As some cancer patients turn to medical marijuana to help ease the pain of chemotherapy, many others must make an awful choice between pain and the benefits of treatment.

As many as 20 to 40 percent of chemotherapy patients report pain lasting months to years, with no pharmaceutical drug on the market indicated for treating the issue.

A new study published yesterday in the Journal of the American Medical Association, however, shows that antidepressants presently on the market help to ease pain associated with chemotherapy, meaning doctors may at any time prescribe the drugs "off-label" for the pain.

"Treating painful chemotherapy-induced peripheral neuropathy is critical," said Ellen M. Lavoie Smith, of the University of Michigan, who led the study. "In some cases, physicians must reduce the patient's chemotherapy dose when the pain becomes too severe. This is not just about improving quality of life by decreasing pain but potentially it's helping patients live longer because they can get their full chemotherapy treatment."

Smith said patients sometimes face a "terrible trade-off": To endure the pain or give up potentially life-saving therapy.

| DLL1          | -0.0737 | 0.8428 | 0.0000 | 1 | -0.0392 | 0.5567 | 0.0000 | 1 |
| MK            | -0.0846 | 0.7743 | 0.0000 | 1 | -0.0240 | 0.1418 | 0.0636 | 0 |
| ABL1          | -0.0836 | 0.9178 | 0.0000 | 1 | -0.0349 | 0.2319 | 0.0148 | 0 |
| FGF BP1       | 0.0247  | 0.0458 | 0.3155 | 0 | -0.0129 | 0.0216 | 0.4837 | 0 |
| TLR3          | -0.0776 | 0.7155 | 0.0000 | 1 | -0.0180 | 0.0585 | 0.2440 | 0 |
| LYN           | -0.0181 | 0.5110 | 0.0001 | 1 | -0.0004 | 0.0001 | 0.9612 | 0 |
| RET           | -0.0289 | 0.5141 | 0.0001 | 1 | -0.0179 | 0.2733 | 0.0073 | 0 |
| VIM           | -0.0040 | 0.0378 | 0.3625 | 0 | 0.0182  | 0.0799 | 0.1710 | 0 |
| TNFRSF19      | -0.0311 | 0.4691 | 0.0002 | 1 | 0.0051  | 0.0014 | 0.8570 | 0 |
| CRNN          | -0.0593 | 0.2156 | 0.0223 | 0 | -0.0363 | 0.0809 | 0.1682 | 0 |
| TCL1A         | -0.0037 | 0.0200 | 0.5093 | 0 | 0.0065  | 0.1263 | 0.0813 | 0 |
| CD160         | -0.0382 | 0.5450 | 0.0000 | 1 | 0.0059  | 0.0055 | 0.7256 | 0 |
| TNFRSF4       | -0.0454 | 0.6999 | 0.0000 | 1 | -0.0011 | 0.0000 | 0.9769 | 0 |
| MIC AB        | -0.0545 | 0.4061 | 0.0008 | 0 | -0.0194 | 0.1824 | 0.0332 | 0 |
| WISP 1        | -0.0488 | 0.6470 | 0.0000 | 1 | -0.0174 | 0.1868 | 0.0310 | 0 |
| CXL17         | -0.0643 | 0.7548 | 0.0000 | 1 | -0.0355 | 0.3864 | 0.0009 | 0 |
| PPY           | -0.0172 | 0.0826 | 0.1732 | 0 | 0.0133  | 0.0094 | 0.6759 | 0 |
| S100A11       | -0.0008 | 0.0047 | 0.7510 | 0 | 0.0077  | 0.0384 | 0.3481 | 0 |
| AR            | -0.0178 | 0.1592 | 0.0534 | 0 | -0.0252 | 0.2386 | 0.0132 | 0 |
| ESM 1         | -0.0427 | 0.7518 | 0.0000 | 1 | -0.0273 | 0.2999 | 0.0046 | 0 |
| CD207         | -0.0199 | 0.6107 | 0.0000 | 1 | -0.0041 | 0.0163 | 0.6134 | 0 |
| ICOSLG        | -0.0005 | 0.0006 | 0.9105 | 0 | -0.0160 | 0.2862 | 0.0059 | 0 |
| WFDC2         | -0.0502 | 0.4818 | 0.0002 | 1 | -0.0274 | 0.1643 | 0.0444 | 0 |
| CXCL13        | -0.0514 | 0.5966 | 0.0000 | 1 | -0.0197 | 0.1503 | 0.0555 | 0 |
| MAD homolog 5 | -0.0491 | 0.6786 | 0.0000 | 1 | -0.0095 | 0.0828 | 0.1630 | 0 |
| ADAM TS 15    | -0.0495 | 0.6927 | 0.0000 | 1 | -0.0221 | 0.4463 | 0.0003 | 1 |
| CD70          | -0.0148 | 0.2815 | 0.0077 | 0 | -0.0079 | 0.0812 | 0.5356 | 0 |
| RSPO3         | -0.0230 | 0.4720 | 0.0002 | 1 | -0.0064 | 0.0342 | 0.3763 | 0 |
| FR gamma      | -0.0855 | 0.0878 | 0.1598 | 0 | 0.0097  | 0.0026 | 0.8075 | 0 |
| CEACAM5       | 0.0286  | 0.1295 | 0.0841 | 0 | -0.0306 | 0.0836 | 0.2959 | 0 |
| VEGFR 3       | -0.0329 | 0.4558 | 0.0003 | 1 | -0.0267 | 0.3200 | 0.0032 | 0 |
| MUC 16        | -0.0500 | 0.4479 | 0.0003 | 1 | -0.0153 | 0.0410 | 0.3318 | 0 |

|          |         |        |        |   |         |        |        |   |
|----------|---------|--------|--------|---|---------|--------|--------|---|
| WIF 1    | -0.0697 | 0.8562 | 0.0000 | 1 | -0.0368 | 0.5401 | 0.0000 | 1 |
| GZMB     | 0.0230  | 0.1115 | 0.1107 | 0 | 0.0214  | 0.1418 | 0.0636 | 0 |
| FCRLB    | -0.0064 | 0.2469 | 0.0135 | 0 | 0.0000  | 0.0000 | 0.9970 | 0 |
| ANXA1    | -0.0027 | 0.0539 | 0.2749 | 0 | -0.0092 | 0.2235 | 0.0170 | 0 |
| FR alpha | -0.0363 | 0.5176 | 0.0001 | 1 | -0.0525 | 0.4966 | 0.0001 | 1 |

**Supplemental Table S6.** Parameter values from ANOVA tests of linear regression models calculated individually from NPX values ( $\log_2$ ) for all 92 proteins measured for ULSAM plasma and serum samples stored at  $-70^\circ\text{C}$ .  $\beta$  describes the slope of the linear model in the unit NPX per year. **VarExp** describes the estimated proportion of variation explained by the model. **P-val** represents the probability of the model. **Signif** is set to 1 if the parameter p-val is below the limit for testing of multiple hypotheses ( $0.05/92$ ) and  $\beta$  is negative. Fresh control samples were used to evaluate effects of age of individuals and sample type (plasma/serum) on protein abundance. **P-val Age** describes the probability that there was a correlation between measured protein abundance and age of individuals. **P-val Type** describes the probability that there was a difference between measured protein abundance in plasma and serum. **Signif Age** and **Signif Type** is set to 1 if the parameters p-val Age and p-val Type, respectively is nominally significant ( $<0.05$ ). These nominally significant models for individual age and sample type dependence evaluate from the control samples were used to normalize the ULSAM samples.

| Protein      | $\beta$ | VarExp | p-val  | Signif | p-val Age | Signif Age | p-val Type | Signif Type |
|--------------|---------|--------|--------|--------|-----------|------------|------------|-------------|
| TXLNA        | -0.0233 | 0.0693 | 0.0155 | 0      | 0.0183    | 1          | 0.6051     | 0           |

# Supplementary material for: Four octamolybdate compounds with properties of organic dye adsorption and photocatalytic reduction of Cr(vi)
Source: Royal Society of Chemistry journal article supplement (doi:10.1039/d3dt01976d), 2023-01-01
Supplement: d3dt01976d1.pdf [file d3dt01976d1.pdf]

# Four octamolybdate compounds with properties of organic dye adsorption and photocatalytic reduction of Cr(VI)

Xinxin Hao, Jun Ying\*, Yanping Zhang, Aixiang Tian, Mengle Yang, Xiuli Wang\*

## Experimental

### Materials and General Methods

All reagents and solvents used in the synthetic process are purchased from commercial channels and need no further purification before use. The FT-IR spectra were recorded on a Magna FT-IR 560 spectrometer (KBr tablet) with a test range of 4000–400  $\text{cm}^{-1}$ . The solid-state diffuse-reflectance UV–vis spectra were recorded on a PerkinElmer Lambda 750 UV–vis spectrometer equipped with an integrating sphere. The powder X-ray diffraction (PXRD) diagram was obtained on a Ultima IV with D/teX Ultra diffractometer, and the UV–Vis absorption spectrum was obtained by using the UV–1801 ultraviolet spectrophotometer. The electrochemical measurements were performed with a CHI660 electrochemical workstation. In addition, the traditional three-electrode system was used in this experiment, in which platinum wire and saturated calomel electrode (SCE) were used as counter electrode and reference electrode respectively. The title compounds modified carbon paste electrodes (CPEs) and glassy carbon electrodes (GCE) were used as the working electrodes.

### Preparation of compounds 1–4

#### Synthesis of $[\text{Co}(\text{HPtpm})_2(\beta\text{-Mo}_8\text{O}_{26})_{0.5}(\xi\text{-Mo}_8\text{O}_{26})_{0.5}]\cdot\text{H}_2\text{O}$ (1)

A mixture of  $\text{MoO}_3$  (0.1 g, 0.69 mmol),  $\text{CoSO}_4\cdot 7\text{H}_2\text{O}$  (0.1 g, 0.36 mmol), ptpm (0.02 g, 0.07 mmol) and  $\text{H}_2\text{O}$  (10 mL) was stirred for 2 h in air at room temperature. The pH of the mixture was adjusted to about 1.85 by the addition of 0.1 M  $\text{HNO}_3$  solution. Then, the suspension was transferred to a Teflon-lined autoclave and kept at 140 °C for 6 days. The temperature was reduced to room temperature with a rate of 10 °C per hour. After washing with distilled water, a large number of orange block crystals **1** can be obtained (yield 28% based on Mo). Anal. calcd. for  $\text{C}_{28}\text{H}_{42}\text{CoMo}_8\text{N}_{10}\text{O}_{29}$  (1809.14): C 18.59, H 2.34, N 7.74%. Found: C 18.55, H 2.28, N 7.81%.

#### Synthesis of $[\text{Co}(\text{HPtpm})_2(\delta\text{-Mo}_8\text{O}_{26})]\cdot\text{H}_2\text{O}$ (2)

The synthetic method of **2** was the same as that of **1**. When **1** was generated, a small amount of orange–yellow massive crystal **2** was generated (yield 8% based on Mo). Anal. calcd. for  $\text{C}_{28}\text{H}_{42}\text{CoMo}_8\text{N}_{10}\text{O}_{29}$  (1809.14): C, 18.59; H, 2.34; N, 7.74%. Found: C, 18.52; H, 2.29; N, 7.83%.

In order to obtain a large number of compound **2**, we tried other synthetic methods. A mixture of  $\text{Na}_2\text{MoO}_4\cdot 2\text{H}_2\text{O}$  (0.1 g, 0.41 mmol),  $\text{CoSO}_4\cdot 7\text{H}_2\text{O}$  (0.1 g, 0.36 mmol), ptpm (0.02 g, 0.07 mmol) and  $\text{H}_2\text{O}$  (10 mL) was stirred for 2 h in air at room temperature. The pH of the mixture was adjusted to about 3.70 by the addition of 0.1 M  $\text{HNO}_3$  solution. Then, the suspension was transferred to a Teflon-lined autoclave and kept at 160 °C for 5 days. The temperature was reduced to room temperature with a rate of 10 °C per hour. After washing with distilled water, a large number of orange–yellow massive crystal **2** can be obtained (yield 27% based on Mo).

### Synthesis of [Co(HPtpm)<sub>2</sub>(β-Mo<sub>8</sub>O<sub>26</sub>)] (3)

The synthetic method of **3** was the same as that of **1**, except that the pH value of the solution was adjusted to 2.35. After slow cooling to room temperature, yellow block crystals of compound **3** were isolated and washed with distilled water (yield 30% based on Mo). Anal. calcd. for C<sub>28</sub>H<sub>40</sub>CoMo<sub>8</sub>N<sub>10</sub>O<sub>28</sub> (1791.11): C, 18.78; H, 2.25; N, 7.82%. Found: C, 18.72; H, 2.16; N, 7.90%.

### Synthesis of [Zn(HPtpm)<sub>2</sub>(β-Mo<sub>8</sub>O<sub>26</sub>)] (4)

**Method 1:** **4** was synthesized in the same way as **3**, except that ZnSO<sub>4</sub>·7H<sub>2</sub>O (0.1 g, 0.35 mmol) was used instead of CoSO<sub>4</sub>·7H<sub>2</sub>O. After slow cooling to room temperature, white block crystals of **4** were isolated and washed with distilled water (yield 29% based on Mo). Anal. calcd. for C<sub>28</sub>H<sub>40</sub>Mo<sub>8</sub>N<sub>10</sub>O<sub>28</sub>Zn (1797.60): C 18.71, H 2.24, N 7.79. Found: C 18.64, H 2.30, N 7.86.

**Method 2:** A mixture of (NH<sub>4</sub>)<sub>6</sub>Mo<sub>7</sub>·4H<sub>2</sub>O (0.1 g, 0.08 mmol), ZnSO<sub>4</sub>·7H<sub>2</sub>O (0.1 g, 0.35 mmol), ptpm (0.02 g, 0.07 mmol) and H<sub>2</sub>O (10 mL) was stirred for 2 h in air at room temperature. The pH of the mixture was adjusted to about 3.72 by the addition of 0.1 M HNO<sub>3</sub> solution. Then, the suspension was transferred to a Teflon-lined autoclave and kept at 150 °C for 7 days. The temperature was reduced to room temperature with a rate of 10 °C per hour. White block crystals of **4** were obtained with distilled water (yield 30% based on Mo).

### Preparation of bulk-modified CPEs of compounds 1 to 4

In the study, investigators found that duloxetine eased pain over five weeks compared to placebo, after reporting no easement of pain from paclitaxel or oxaliplatin.

The antidepressant drug is used to treat depression and generalized anxiety disorder but is also used by prescribers to treat pain and tingling in patients with diabetic neuropathy, in addition to muscle and bone pain associated with osteoporosis. The recent findings bolster evidence from several phase-3 studies showing dual reuptake inhibitors to be effective in treating neuropathetic pain.

Investigators said that patients taking the antidepressant reported not only easement of pain but a better quality of life overall, perhaps relating to other indications for the drug.